Multichannel seismic reflection data collected in July 2002 at the Endeavour Segment, Juan de Fuca Ridge, show a midcrustal reflector underlying all of the known high-temperature hydrothermal vent fields in this area. On the basis of the character and geometry of this reflection, its similarity to events at other spreading centers, and its polarity, we identify this as a reflection from one or more crustal magma bodies rather than from a hydrothermal cracking front interface. The Endeavour magma chamber reflector is found under the central, topographically shallow section of the segment at two-way traveltime (TWTT) values of 0.9–1.4 s (∼2.1–3.3 km) below the seafloor. It extends approximately 24 km along axis and is shallowest beneath the center of the segment and deepens toward the segment ends. On cross-axis lines the axial magma chamber (AMC) reflector is only 0.4–1.2 km wide and appears to dip 8–36° to the east. While a magma chamber underlies all known Endeavour high-temperature hydrothermal vent fields, AMC depth is not a dominant factor in determining vent fluid properties. The stacked and migrated seismic lines also show a strong layer 2a event at TWTT values of 0.30 ± 0.09 s (380 ± 120 m) below the seafloor on the along-axis line and 0.38 ± 0.09 s (500 ± 110 m) on the cross-axis lines. A weak Moho reflection is observed in a few locations at TWTT values of 1.9–2.4 s below the seafloor. By projecting hypocenters of well-located microseismicity in this region onto the seismic sections, we find that most axial earthquakes are concentrated just above the magma chamber and distributed diffusely within this zone, indicating thermal-related cracking. The presence of a partially molten crustal magma chamber argues against prior hypotheses that hydrothermal heat extraction at this intermediate spreading ridge is primarily driven by propagation of a cracking front down into a frozen magma chamber and indicates that magmatic heat plays a significant role in the hydrothermal system. Morphological and hydrothermal differences between the intermediate spreading Endeavour and fast spreading ridges are attributable to the greater depth of the Endeavour AMC and the corresponding possibility of axial faulting.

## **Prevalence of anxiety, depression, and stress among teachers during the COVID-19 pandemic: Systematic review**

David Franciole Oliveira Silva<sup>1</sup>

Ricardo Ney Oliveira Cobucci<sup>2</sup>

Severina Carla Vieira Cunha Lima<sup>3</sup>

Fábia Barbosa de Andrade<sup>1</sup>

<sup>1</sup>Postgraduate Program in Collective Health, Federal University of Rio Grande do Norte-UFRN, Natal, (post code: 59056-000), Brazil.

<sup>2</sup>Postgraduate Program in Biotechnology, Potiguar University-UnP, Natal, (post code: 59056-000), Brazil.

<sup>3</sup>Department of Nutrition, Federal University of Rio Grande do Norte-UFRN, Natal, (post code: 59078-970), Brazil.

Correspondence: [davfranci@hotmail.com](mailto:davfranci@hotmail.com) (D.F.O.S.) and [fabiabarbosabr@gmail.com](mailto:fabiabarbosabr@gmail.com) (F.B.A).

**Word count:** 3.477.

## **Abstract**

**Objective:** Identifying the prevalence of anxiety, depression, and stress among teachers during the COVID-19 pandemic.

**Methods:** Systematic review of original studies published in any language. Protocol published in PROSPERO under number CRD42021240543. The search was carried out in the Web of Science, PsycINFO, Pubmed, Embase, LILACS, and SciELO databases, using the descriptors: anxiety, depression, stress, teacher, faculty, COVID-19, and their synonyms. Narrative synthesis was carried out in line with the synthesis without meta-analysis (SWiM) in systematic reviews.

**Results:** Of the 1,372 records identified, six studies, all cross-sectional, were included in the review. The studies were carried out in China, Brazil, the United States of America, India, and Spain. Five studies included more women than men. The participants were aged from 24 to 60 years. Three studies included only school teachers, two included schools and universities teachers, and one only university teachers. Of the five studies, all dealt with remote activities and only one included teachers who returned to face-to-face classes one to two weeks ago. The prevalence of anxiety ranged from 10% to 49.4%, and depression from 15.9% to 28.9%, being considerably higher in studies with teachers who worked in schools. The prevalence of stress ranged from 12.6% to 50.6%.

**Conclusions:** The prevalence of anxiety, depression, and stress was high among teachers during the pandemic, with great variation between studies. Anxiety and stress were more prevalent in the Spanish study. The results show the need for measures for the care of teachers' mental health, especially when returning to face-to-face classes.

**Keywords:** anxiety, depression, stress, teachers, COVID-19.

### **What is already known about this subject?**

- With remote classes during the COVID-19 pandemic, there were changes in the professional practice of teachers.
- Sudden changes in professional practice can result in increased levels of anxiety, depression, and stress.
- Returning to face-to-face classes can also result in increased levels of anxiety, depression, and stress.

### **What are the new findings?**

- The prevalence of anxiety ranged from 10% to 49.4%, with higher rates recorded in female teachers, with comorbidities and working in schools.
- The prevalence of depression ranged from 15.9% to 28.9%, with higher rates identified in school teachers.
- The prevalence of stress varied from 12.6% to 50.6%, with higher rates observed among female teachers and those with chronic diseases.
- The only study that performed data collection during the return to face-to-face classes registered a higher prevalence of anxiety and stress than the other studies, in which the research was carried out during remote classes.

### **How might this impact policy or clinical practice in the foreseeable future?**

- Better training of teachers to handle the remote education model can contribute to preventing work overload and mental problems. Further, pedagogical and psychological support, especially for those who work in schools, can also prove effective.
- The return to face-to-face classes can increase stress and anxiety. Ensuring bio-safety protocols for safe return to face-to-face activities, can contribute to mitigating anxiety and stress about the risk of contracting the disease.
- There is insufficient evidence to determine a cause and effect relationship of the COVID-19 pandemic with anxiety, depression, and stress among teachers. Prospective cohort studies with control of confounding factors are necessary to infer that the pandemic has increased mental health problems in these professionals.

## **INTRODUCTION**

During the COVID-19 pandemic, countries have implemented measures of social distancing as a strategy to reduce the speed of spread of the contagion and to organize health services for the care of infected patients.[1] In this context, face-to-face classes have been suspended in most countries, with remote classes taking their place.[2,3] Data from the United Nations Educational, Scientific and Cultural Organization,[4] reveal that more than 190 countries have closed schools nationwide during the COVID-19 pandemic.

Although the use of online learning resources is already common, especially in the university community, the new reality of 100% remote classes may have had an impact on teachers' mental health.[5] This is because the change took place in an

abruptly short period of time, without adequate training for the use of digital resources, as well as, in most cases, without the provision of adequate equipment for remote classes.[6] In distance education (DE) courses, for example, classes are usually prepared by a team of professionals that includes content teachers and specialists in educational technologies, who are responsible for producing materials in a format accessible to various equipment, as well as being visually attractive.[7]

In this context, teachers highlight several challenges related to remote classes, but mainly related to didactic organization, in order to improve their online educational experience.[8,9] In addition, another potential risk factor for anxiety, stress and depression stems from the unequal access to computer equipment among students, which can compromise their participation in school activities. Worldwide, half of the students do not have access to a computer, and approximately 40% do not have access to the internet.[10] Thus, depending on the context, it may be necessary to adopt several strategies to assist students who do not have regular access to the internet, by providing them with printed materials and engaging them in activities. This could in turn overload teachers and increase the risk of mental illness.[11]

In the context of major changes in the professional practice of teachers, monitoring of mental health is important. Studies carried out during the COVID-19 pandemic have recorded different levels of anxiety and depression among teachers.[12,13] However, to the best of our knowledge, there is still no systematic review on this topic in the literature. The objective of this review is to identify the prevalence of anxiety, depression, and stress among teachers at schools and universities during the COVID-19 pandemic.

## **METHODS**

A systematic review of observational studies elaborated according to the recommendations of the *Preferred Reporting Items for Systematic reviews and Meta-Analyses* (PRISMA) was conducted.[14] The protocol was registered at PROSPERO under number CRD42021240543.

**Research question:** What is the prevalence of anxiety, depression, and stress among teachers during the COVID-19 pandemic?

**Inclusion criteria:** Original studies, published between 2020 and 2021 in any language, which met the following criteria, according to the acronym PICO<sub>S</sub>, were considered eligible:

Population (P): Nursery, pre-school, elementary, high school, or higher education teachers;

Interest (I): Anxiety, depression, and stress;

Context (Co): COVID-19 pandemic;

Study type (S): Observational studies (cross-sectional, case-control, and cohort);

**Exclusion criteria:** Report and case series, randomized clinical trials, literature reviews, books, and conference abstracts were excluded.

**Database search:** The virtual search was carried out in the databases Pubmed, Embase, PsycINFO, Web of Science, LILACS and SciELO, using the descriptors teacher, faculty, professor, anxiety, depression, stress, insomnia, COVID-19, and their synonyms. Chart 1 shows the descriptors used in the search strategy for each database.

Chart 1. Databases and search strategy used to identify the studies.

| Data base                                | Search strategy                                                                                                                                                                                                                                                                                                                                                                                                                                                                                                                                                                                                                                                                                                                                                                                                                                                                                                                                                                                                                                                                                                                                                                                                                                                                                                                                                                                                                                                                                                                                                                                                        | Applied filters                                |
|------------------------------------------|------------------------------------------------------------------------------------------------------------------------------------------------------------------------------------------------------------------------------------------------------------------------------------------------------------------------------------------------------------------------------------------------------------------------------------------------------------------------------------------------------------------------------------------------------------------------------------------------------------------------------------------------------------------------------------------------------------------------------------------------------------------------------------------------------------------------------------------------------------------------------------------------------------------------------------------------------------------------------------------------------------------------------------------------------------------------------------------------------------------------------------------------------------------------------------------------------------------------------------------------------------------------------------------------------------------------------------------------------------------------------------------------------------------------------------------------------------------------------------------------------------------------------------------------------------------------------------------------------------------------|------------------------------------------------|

• Article
    Time variation in igneous volume flux of the Hawaii-Emperor hot spot seamount chain
    (American Geophysical Union, 2004-11-09) Van Ark, Emily M. ; Lin, Jian